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Theatrical Window Status Quo Creating “Innovator’s Dilemma,” Studio Execs Say

Deadline logo Deadline 3/18/2017 Dominic Patten
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Changes in how movies get to movie fans won’t come anytime soon and not in one solid package, a trio of Hollywood insiders said today. “It’s the innovator’s dilemma,” Benjamin Mogil, Stifel Nicolaus’ Managing Director Equity Research, Media and Entertainment, told LA Film Czar Ken Ziffren today during UCLA Law School’s 41st annual Entertainment Symposium at Freud Playhouse.

“In the current market, the Pay TV deals will not allow the studios to make a subscription service deal,” Ziffren said bluntly during the discussion about the realities of imposing a new movie distribution format on the industry. “Under the rules of the game today, the only revenues that count in terms of license fees…is if these revenues are theatrical,” he said. “It’s trading Pay TV dollars for non-Pay TV dollars, and therefor not making as much money.”

“Designing the right model is complicated,” added Thomas Gewecke, Warner Bros Entertainment Chief Digital Officer and EVP Strategy and Business Development.

Mogil, Ziffren and Gewecke were joined on the panel by Amazon Studios Worldwide Head of Motion Pictures Jason Ropell. Ziffren, the often-circumspect Tinseltown legal heavyweight, moderated the discussion, entitled “Breaking Windows.”

“No one size fits all,” Gewecke said, weighing in on the idea of a full-scale remaking of the way movies get to audiences, “but they need to fit together to grow the pie.” He highlighted the notions of genre, Premium VOD and accessibility as key elements in how the industry might find a new footing. “Exactly what those models are really needs to makes sense for the ecosystem as a whole.”

As an example, he pointed to the surging success of Jordan Peele’s small-budget hit Get Out scoring amid the current tentpole landscape. “You have to have movies that break through and find their audiences,” the Warner Bros exec said. In that pic’s case, “the initial 90 days” in the traditional theatrical distribution model “is a very important part of the business.”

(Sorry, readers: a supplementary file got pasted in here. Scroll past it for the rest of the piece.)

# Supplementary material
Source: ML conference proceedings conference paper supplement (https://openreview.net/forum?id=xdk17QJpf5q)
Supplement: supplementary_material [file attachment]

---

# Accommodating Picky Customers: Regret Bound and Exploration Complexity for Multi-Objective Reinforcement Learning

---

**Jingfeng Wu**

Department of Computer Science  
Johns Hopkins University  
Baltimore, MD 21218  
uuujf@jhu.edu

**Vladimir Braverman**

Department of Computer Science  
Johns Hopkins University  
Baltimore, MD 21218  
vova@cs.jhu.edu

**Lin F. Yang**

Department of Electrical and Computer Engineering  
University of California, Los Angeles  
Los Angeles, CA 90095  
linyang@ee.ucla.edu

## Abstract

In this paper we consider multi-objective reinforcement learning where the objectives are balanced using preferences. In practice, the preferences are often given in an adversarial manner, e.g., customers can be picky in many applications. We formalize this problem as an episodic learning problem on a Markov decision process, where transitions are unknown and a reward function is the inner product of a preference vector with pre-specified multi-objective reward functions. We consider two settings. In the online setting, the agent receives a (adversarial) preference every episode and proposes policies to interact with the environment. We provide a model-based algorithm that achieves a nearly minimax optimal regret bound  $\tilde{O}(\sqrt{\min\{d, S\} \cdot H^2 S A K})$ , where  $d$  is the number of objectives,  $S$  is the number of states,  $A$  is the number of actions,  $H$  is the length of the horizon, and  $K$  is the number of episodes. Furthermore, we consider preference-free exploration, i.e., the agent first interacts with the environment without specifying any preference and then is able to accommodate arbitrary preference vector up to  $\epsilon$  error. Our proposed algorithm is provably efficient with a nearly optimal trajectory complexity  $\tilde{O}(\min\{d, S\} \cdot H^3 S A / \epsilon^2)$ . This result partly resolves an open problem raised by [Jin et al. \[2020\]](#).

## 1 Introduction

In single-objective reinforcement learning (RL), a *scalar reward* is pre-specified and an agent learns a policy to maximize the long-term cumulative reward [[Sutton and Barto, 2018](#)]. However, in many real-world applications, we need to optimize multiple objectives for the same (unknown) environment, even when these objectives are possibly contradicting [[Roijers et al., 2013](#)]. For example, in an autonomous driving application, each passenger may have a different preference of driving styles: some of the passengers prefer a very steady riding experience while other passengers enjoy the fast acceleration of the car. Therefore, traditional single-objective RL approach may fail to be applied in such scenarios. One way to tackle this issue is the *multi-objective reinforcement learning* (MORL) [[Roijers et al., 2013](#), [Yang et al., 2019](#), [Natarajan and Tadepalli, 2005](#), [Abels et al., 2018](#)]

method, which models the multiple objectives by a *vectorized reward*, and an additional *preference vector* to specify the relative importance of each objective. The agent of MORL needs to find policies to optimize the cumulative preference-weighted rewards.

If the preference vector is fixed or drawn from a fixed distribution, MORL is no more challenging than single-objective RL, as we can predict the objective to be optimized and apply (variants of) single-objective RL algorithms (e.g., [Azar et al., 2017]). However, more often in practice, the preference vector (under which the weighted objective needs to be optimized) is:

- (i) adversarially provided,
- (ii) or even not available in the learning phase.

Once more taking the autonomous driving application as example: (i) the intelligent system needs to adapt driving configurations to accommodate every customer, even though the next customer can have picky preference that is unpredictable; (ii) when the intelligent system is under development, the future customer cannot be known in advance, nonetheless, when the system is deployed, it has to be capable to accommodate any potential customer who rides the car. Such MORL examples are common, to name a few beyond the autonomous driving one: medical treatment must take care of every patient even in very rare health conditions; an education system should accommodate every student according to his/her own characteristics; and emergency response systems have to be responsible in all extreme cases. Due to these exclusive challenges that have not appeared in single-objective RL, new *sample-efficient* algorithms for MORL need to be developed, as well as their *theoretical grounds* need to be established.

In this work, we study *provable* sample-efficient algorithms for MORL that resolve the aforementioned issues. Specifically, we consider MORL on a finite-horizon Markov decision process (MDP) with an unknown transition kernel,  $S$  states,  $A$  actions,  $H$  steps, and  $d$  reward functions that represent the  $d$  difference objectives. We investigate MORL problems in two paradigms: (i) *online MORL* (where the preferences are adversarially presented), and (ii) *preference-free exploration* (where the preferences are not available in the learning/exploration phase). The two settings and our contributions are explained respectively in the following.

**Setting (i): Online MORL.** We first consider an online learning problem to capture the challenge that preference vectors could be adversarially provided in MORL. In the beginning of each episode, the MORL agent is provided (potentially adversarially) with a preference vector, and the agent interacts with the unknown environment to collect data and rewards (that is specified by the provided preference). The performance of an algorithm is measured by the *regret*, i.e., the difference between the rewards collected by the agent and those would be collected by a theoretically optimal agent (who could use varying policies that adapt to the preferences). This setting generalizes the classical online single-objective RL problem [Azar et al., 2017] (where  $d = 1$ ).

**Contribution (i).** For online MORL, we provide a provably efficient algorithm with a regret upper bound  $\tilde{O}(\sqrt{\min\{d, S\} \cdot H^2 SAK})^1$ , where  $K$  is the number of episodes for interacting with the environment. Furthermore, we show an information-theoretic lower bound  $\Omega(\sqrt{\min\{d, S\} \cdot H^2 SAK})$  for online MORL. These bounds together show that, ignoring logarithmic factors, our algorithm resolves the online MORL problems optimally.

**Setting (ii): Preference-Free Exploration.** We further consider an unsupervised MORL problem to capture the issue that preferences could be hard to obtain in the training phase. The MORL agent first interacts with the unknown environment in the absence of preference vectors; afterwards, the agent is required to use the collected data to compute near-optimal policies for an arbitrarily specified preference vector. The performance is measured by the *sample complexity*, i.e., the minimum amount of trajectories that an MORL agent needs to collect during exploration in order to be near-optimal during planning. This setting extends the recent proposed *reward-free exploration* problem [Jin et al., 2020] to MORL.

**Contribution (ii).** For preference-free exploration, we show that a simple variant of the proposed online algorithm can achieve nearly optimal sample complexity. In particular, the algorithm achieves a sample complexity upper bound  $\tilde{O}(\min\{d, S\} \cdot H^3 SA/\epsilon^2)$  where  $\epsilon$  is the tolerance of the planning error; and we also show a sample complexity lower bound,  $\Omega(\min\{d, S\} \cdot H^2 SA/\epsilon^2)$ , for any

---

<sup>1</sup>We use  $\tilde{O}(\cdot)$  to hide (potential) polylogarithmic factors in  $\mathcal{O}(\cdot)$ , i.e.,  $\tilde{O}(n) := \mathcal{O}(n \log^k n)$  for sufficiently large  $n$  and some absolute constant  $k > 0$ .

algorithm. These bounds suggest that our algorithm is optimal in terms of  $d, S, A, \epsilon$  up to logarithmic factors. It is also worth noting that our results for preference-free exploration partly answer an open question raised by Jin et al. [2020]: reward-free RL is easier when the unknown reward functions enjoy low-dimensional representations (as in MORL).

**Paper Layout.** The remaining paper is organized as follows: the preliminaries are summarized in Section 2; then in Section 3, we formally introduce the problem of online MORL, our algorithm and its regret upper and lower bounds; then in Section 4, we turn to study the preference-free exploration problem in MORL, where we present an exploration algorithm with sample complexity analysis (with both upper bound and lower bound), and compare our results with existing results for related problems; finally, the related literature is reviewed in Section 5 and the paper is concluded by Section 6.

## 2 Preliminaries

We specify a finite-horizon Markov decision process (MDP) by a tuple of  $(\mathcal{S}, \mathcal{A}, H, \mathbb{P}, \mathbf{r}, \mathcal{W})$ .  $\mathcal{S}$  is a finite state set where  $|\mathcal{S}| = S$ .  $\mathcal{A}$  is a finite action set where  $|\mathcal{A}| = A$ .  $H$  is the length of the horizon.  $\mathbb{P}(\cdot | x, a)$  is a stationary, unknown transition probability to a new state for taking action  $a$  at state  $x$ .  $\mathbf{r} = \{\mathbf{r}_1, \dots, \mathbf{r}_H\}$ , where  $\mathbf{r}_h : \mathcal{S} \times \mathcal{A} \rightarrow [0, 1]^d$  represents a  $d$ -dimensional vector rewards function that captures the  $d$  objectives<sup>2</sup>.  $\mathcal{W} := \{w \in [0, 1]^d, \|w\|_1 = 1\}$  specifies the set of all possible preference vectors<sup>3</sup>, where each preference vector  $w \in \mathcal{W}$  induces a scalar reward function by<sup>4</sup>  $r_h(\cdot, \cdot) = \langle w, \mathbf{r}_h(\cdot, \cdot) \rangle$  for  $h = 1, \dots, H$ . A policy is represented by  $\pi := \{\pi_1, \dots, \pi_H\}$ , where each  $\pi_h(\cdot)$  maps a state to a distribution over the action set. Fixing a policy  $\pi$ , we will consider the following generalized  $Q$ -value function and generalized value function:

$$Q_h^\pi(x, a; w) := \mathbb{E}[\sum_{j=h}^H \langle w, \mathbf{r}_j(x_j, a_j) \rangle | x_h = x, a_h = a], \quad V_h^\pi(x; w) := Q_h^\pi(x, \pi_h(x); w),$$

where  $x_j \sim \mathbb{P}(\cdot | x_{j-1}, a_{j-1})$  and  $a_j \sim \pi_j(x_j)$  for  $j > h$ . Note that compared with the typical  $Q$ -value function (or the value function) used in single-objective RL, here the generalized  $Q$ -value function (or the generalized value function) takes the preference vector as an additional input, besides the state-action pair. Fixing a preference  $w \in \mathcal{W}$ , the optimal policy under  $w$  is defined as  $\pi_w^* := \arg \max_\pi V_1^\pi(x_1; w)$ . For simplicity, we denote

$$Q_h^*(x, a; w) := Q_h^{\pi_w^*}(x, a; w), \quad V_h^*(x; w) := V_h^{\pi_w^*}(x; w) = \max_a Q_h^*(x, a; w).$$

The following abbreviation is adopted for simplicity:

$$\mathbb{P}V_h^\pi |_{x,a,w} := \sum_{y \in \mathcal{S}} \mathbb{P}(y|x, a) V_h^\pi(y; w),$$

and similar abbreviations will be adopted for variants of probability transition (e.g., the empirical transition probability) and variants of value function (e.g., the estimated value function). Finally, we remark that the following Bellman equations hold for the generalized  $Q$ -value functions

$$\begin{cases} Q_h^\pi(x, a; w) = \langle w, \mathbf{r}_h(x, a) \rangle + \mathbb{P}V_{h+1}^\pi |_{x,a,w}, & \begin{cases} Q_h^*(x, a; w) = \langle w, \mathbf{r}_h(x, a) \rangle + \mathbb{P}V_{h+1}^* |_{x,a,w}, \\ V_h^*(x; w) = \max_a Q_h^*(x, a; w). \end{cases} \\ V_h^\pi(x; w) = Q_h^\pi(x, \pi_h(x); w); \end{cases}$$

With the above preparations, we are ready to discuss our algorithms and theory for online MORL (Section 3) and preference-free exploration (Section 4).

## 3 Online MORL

Overall, Gewecke presented an optimistic picture of the film industry based on growing box office — though he noticeably sidestepping declining attendance trends and actual studio growth. “Overall, we find the business healthy.”

“I was told there would be no math,” Ropell joked to wide applause at the end of the panel.

As for Ropell’s Amazon, a new entry into the distribution game, he reiterated that it uses third parties to get its films booked in theaters — as it did with Roadside Attractions on this year’s Oscar nominee Manchester By The Sea. “We’ve only been in business for a year so we don’t have the infrastructure,” he noted, while hedging on whether the Jeff Bezos conglomerate would ever take on the duties directly themselves. “We’ll innovate where we need,” he added.

“We are a filmmaker-friendly studio,” he said, adding that right now Amazon sees itself “in the prestige space.” The exec also emphasized that the Amazon philosophy when working with high-caliber talent is, “you need to stay out of their way.”

The two-day symposium wraps this afternoon.

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